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Time for a change of pace. And decade. And parliamentary committees. Today it's the turn of the Select Committee on Hop Duties. Great book. A white-knuckle ride of thrills and drama. Not really, but there's still something specuial about Mr. Bass discussing hops.

7181. Chairman.] Have you any objection to tell the Committee what is your annual consumption of hops? —My concern has consumed since October last 11,000 cwt. of hops, and the price of the English hops that we have bought has been less than 5L. per cwt. We have also bought a considerable quantity of Bavarians in the spring of this year, and those have cost upon the average about 6L. 12 s. per cwt. We attempted to buy Bavarian hops in the autumn of last year, there having been a remarkable scarcity of good English hops; but the price that we were asked was 9 L. per cwt. nearly up to Christmas, and then I think it was reduced to 8L. Up to December last we were unable to buy a single Bavarian hop on account of the high prices. After the Bavarian brewers and buyers had supplied themselves there was still a surplus left, and we had an opportunity of going into the market upon more favourable terms; and we have bought a few thousand cwts. of hops, something under 3,000, at an average price of 6L. 10s. or 6 L. 12 s. per cwt.; and we are holding now a considerable quantity for yearlings, because, as has been before stated to the Committee, we find the Bavarian yearlings deteriorate to a much smaller extent than the East or Mid Kent hops.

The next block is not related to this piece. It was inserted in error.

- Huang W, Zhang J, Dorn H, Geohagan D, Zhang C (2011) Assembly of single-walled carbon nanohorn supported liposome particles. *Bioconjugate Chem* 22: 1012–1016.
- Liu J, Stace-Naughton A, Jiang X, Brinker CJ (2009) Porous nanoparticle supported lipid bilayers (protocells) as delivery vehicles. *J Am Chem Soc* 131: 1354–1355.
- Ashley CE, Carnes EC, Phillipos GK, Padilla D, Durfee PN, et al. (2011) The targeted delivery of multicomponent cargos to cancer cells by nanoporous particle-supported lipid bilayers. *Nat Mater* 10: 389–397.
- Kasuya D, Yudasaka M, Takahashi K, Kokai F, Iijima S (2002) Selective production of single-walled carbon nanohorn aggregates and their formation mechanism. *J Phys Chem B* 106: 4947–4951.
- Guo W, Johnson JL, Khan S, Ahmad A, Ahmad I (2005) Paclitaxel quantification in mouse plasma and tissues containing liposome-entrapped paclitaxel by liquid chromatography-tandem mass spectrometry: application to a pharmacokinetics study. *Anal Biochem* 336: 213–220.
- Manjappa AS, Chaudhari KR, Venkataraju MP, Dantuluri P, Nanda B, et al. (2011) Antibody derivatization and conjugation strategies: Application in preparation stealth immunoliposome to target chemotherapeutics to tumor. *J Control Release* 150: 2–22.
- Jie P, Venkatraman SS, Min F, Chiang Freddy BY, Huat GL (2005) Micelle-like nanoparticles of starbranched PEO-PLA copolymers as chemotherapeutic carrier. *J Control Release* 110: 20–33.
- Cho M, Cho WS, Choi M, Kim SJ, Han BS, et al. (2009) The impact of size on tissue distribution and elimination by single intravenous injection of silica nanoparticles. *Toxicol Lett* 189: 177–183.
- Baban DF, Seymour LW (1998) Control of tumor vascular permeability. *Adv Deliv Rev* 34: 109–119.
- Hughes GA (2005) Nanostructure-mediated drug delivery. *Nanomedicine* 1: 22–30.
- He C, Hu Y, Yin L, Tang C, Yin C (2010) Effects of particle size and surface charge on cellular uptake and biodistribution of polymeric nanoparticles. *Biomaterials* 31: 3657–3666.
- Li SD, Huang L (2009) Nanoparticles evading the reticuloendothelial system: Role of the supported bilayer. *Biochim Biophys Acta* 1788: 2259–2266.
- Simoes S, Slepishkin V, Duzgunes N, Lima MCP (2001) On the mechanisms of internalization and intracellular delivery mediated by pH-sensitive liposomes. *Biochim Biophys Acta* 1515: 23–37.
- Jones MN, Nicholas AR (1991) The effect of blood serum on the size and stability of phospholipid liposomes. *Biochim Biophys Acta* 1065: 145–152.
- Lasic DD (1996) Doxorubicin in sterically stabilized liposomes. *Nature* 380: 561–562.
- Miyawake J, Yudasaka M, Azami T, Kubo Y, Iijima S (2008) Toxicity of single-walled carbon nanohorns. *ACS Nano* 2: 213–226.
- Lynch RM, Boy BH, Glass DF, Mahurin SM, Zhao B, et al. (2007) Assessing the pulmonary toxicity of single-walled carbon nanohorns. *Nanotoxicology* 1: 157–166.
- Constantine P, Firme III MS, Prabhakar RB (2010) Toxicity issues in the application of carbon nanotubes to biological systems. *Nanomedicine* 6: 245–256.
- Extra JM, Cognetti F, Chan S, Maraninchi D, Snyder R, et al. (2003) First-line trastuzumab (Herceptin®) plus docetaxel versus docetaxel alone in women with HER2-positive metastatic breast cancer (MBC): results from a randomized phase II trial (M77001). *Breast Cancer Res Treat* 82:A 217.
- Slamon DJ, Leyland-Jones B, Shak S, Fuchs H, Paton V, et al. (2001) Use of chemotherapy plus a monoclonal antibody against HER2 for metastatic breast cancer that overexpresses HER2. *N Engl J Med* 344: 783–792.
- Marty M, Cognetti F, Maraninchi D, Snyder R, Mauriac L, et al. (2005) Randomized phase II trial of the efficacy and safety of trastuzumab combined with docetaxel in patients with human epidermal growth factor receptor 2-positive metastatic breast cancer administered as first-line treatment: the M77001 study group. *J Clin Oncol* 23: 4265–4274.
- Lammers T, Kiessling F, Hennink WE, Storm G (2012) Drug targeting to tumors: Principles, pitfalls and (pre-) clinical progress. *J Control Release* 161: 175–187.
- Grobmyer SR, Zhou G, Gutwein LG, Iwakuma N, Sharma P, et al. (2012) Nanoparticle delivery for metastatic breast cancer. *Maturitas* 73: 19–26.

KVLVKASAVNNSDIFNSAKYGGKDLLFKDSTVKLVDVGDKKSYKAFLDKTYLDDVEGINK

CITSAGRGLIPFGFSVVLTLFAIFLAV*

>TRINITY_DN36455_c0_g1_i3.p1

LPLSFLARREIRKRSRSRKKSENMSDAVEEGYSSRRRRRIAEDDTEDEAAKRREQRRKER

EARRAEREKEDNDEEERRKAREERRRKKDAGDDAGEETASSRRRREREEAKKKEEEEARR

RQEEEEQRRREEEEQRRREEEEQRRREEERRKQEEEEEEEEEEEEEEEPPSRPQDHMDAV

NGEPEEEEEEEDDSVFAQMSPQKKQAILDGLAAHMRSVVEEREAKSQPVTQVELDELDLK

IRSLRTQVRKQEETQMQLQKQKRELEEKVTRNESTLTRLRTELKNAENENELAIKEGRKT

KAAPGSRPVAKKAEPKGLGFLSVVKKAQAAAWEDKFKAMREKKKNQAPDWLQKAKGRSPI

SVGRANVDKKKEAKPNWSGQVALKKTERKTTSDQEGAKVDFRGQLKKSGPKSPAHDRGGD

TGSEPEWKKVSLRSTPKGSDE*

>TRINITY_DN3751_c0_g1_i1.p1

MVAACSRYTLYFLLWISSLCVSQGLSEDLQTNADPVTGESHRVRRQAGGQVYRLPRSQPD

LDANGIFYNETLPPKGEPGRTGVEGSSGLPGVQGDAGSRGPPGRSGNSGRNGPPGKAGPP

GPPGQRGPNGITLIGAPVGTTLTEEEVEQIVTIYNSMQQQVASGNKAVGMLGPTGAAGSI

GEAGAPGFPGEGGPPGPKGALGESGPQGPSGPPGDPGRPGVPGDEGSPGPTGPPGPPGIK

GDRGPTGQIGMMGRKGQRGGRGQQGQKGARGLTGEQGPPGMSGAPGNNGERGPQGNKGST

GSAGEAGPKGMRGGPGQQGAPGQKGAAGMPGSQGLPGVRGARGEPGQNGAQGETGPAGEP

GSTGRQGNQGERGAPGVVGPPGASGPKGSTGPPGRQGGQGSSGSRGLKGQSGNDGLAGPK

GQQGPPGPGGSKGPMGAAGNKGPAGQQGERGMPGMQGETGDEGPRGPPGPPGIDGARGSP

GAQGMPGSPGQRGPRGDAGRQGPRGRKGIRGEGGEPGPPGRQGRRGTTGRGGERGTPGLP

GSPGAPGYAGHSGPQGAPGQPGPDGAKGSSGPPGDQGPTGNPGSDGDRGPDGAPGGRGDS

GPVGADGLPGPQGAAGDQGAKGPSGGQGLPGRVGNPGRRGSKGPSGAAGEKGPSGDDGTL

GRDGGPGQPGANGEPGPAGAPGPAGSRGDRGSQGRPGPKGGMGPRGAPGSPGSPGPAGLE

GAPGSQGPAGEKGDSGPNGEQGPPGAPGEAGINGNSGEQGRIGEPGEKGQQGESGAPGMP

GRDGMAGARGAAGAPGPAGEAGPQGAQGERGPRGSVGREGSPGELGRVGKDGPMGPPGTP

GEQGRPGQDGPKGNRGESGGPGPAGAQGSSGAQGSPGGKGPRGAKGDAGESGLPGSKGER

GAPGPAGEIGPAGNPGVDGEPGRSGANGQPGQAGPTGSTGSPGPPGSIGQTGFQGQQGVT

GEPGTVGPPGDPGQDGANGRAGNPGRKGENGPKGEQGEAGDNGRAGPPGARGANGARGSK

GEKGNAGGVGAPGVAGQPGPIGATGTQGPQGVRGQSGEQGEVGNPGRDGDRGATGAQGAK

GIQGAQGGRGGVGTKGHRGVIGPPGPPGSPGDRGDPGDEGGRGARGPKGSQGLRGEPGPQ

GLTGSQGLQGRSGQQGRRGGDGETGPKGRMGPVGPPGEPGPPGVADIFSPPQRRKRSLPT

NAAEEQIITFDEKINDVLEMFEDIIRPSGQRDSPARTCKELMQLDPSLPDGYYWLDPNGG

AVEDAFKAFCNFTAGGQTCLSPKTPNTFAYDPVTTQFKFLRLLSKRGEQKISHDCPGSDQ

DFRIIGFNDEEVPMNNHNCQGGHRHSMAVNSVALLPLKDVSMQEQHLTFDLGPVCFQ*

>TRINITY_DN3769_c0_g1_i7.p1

7182. What sort of English hops do you buy?—We buy principally the best quality from Mid and East Kent. I believe that since I have been concerned in the trade, which is now nearly 40 years, we have never used a pocket of Sussex hops. We use a few of the finest Worcester hops in the beginning of the season. Mr. Smith, who gave evidence before this Committee, has attained the production of fine Worcestershire hops, and we buy his hops almost every year, and a few other selected samples of Worcester hops.

7183. Do you consider his hops a particularly good specimen?—I think it a superior specimen of Worcestershire hops.

7184. Would you consider his hops an average specimen of Worcestershire hops ?—By no means ; I should say they were at least 25 per cent. better than Worcestershire hops in general.

7185. Mr. Brand.] Will you inform the Committee what proportion of hops are used in brewing different varieties of beer ?—My opinion agrees with what has been generally stated to the Committee, that for common beer the average quantity used would be as much as from eight to 10 lbs. of hops to a quarter of malt; but that for pale ale, and every superior quality of beer, very often as much as 18 lb. is used per quarter.